I'm sure there's a Steven Universe joke in here somewhere.

Most asteroids are never heated to this degree or if they are, are not molten long enough for this to happen. So, they are a random collection of accreted space dirt. You won't find any ore concentration processes happening on them. No veins of uranium unless there happens to have been hit by a freak uranium-rich rock, which will probably turn out to be a derelict atomic rocket. Typically, the concentrations of U in asteroids are in the ranges of less than 1 part per million, which is pathetic as far as ores go. Marginally economic uranium ores on Earth are 100 times richer. This is also why you can't economically mine lunar rare earths - at best they are equivalent to low-grade ores on Earth. So forget it. Nothing short of desperation or some clever way to recover it as byproduct is going to make it worthwhile over simply ordering it from

Now, onto the next stage of concentration, which typically involves the use of liquid water - not something you'll ever find on an asteroid.

In general, uranium is leached out of rocks when water is oxidative, that is, has an excess of electrons to give away. Compounds like H20and the notorious perchlorates widely present on Mars can do this. The dissolved uranium then precipitates out under acidic conditions, as would be the case in the drying Martian seas. Then, as it is eroded to sand, it can be sorted by wind and wave action, for example. Processes like this are what makes uranium and rare earths start to part ways, especially the lighter rare earths like lanthanum. There are a large number of ways uranium can become concentrated. It can even be concentrated in plant matter, becoming coal.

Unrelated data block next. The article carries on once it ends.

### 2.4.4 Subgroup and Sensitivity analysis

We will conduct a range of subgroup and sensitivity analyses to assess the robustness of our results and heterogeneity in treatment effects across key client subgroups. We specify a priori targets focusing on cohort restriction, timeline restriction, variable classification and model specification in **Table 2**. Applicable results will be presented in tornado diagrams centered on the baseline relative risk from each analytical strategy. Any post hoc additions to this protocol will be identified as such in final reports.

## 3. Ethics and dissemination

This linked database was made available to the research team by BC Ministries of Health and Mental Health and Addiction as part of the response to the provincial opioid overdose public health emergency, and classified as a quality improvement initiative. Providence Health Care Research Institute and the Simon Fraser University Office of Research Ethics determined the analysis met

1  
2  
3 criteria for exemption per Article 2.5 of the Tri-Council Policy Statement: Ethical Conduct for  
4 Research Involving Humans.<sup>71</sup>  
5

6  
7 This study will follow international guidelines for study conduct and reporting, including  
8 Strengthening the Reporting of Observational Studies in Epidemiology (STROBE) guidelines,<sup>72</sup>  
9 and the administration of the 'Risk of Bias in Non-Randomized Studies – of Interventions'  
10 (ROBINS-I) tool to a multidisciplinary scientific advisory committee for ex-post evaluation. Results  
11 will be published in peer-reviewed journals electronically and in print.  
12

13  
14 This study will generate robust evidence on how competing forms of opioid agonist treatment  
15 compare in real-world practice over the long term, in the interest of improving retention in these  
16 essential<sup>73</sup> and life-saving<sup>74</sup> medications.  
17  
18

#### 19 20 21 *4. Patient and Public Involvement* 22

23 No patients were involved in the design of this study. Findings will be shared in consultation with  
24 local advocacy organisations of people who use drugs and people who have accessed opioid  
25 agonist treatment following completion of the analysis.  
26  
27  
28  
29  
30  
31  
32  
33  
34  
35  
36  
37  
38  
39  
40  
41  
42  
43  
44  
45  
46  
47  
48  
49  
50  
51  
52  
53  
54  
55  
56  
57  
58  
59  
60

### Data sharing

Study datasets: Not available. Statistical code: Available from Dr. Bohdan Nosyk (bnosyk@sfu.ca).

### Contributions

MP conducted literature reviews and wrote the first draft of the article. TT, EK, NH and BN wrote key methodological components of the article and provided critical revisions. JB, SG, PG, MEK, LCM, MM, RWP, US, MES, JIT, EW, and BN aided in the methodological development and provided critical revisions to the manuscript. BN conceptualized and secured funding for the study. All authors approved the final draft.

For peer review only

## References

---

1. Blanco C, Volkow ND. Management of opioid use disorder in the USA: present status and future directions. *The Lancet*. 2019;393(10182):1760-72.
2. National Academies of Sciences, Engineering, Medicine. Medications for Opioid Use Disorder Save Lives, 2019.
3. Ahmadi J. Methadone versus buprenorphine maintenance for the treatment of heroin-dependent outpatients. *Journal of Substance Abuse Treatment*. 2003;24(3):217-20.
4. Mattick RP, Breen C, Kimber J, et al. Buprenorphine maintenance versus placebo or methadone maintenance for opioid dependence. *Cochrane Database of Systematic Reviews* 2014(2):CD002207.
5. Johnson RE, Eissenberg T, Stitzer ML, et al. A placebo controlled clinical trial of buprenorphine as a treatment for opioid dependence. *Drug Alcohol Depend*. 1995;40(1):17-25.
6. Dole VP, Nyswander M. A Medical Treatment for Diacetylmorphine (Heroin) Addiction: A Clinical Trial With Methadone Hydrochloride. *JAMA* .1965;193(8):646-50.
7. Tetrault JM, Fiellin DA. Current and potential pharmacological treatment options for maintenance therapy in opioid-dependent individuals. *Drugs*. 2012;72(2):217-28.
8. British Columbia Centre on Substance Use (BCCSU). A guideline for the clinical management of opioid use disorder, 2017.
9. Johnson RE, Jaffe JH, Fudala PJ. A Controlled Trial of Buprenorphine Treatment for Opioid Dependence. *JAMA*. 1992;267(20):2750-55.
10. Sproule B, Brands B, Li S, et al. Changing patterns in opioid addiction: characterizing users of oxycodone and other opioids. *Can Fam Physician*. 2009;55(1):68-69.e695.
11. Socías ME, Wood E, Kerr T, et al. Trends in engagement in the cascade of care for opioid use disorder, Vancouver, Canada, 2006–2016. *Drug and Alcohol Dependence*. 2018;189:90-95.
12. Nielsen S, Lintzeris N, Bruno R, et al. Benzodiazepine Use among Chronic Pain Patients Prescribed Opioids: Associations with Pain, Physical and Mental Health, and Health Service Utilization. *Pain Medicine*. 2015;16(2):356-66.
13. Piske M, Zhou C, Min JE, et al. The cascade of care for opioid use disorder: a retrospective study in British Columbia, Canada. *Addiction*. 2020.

Mars had both a differentiated core and the possibility of hydrothermal action. Heck, we know Mars was wet thanks to the various Mars rovers. And, as the planet became dryer, the water became more and more acidic: the right conditions for uranium to precipitate out into deposits.

Wind action, presumably when the atmosphere was more dense, would have worked with wave action to sift sands and gradually shuffle the heaviest stuff to the bottom. This is how mineral sands work. As Mars' seas gradually shrank, the stuff would wind up left behind on the dry seabed.

Martian thorium concentrations. The red zone is about 1ppm.

Thorium is often found in association with uranium, and a useful nuclear fuel in its own right. It has quite a strong gamma decay signal and so is fairly easy to pick up a gamma spectrometer in orbit. The Mars Odyssey orbiter picked up quite a strong concentration of the stuff in Chryse Planitia just where a shrinking ocean would have receded to.